Two surprises from last week’s Belmont Stakes.
First, of course, was the winner, Ruler On Ice, a 24-1 shot. Second was the return of “New York, New York” as the theme song, performed during the post parade.
Last year, the New York Racing Association (NYRA) went with the Jay-Z/Alicia Keys hip-hop ballad hit “Empire State Of Mind”–a boastful song in which the singer calls himself, ironically, “the new Sinatra,” the old one having had the hit with the equally boastful “New York, New York.”
But where Sinatra’s classic “New York, New York” (really it’s “Theme from New York, New York,” the theme song from Martin Scorsese’s 1977 film New York, New York, composed by Broadway’s great team of John Kander and Fred Ebb and sung by Liza Minnelli) states the goal of being “king of the hill” and “top of the heap” in “the city that doesn’t sleep,” “Empire State Of Mind” speaks of “my stash spot,” “off-white Lexus,” “that boy Biggie” and “New York, New York (I made you hot, [N-word]).” Presumably, the NYRA realized their dreadful mistake and went back to the traditional “New York, New York”–except that its use of Kander & Ebb’s tune was hardly traditional.
Actually, the traditional theme song of the Belmont up until 1997–when “New York, New York” took over–was “The Sidewalks of New York.” A sentimental song written by lyricist James W. Blake and vaudeville actor/composer Charles B. Lawlor, the 1894 copyright is also known as “East Side, West Side,” the first words of the chorus.
Performed by the likes of Mel Tormé, Duke Ellington and even The Grateful Dead (they played it once, in New York in 1972, as an instrumental lead-in to “One More Saturday Night”), “The Sidewalks Of New York” depicted life in New York City in the 1890s. It was a time, obviously, when the horse was as much the mode of transportation as the focus of a race, where “all around the town” boys and girls and a gal named Mamie O’Rourke “tripped the light fantastic on the sidewalks of New York.”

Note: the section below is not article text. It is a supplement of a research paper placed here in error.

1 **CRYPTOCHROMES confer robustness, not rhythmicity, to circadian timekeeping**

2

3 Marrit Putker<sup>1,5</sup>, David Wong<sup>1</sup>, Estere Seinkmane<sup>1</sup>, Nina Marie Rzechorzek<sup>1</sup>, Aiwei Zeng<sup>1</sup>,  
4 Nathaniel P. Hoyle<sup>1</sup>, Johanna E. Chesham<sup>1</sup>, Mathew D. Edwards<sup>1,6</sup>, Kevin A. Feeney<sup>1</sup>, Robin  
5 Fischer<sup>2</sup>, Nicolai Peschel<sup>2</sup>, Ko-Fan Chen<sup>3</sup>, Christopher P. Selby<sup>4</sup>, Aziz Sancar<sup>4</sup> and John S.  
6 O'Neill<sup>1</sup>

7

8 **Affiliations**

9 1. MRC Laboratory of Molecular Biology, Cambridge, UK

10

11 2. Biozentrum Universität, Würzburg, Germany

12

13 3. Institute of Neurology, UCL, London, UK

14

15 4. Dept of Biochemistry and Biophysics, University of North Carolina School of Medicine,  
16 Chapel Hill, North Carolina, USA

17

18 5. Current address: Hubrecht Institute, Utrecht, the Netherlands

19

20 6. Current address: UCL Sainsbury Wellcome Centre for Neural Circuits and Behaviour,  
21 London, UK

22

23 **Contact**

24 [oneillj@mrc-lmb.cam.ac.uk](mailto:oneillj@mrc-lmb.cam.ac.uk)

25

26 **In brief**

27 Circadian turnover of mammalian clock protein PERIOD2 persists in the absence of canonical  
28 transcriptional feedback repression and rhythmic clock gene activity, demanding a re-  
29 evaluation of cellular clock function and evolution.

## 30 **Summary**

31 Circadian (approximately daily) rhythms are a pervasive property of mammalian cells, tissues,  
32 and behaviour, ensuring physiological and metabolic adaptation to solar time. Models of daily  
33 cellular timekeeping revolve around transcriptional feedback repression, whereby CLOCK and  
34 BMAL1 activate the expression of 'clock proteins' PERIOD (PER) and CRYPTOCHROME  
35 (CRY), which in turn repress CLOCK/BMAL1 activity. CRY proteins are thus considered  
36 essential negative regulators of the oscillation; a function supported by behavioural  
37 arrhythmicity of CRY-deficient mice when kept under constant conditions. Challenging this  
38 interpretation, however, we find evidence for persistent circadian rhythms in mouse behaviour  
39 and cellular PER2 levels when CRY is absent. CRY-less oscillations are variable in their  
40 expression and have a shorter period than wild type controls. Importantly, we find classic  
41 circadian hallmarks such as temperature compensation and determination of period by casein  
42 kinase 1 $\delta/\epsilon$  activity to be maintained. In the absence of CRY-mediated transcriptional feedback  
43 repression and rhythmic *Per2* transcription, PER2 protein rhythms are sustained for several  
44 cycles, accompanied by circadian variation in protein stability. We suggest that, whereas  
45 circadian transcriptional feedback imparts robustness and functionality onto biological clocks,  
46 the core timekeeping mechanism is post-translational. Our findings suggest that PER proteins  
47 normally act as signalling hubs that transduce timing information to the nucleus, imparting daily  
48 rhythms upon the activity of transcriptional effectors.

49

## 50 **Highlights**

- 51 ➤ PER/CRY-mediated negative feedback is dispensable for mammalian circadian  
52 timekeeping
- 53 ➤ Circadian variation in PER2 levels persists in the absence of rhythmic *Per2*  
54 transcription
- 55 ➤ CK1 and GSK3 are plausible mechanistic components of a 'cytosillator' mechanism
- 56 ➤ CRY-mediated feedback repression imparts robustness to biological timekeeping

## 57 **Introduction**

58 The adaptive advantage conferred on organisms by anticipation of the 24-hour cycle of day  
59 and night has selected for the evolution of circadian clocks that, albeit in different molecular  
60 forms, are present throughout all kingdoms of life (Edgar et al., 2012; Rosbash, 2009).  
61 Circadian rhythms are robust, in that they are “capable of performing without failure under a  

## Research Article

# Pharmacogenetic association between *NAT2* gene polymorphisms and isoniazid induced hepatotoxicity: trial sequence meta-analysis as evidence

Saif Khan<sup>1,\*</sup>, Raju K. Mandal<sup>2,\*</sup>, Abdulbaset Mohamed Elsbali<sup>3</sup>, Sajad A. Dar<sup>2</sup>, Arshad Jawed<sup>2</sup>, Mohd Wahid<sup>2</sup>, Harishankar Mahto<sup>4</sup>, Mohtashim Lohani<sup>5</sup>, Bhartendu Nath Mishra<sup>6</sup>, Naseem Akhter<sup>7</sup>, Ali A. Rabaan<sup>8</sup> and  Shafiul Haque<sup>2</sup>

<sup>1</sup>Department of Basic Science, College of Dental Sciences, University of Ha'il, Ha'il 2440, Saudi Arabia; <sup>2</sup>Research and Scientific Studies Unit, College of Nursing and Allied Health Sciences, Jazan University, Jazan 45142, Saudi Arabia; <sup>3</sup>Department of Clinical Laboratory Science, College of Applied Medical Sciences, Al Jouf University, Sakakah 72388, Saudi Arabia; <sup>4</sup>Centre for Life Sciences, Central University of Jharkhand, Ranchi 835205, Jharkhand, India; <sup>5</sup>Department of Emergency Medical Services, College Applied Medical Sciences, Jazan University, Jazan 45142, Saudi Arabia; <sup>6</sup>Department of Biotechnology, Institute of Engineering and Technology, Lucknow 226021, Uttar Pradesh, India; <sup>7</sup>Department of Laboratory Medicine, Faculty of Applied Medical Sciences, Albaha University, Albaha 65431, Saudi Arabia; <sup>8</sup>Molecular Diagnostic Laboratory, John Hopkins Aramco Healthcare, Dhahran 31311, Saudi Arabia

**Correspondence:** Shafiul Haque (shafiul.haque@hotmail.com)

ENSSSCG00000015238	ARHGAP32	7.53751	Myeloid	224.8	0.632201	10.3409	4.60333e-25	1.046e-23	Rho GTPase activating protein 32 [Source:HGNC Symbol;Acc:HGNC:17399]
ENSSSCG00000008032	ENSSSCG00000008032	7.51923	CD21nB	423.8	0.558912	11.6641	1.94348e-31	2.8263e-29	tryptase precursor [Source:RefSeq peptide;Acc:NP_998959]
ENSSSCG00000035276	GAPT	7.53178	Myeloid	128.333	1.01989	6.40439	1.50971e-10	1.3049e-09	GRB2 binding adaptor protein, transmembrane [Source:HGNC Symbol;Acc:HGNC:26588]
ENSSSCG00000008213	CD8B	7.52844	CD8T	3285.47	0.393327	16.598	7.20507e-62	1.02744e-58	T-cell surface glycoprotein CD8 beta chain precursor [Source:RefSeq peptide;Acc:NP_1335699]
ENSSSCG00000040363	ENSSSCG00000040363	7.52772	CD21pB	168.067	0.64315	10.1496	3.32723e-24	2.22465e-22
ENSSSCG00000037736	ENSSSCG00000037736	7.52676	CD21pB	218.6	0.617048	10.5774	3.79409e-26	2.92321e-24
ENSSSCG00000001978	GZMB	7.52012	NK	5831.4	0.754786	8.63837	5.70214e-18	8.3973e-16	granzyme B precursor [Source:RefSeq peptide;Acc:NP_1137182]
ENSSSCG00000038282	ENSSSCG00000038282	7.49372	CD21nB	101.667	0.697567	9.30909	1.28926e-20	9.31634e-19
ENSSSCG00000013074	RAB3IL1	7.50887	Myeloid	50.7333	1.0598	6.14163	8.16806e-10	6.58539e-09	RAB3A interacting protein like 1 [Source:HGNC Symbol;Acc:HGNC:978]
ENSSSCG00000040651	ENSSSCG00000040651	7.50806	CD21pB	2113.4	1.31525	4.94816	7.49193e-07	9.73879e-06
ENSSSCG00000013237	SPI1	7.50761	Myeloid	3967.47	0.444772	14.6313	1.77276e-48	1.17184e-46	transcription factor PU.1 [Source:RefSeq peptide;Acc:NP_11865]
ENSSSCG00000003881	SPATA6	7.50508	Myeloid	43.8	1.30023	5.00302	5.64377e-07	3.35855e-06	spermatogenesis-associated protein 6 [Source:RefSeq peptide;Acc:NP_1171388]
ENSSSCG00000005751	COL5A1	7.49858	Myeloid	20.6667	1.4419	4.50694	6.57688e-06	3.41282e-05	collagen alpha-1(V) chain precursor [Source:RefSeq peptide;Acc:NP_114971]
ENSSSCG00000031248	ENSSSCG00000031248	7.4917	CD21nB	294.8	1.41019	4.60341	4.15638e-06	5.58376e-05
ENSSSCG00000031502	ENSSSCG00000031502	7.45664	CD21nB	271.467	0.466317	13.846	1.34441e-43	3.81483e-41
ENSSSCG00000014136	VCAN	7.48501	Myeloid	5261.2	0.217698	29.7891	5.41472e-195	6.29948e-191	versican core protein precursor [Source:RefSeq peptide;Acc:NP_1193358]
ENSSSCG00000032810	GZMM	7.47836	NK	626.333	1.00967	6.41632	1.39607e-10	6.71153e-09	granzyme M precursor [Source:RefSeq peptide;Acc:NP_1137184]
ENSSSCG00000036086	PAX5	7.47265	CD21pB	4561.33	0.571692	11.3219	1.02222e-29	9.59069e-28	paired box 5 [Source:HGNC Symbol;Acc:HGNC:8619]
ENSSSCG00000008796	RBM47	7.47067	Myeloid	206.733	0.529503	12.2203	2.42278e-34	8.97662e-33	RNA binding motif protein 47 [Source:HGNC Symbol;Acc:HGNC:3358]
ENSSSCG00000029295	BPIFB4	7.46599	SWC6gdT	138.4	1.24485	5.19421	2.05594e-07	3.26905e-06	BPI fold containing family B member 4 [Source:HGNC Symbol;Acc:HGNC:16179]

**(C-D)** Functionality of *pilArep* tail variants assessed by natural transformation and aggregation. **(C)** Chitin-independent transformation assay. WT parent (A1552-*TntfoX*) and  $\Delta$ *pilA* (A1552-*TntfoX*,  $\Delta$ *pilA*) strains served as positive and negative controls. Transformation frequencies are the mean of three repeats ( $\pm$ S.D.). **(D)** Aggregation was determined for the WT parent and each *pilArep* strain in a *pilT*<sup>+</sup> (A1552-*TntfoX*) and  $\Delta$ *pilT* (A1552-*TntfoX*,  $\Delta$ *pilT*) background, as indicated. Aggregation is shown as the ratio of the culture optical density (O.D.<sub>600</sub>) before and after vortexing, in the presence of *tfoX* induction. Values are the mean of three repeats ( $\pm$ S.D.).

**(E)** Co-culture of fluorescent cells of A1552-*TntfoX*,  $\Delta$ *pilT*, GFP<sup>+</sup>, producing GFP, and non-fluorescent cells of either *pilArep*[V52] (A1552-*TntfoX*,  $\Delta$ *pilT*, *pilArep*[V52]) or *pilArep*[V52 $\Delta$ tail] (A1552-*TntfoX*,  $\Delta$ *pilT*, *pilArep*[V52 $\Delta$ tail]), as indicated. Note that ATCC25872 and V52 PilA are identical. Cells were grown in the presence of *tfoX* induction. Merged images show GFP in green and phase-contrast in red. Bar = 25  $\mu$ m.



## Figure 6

And like Stephen Foster’s similarly poignant “My Old Kentucky Home” (which was published in 1853), it ends with a nostalgic look back to those times, now that the kids, who have since grown and moved on, would surely “…part with all they’ve got, could they once more walk/With their best girl and have a twirl on the sidewalks of New York.”
Substituting “New York, New York” for “The Sidewalks Of New York” (which was used as Governor Al Smith’s theme song for his presidential campaign of 1928) is comparable to replacing “My Old Kentucky Home” with Neil Diamond’s “Kentucky Woman.” Sacrilege.
But New York has no shame, no sense of tradition. It’s personality and character constantly being replaced by modern norm. Where once everyone in the Belmont crowed waved their arms side-to-side while singing along to “The Sidewalks Of New York”‘s “east side, west side, all around the town” chorus, they were left voiceless last week when the NYRA went with a mere recording of Sinatra singing “New York, New York,” no Linda Eder, say, or Michael Amante–both of whom have sung it live at the million-dollar race that is suddenly too cheap to hire a real singer.
“The Sidewalks Of New York,” meanwhile, has been quietly relegated to heralding the Manhattan Handicap–the race run just ahead of the Belmont Stakes–with the NYRA bugler playing it. But the association issued a press release to trumpet the return of Sinatra–though without explanation for the reversal.
According to press reports, NYRA marketing director Neema Ghazi said last year that “Empire State of Mind” was a “quintessential 21st Century theme song for New York City.” NBC-Universal’s Adam Freifeld, however, said that this year’s Belmont broadcast on NBC Sports–its first showing there in five years–would feature a distinct New York flare, with the return to Sinatra’s “New York, New York” a symbolic part.
There could be no mention made of tradition in relation to a race that would be celebrating its 143rd running.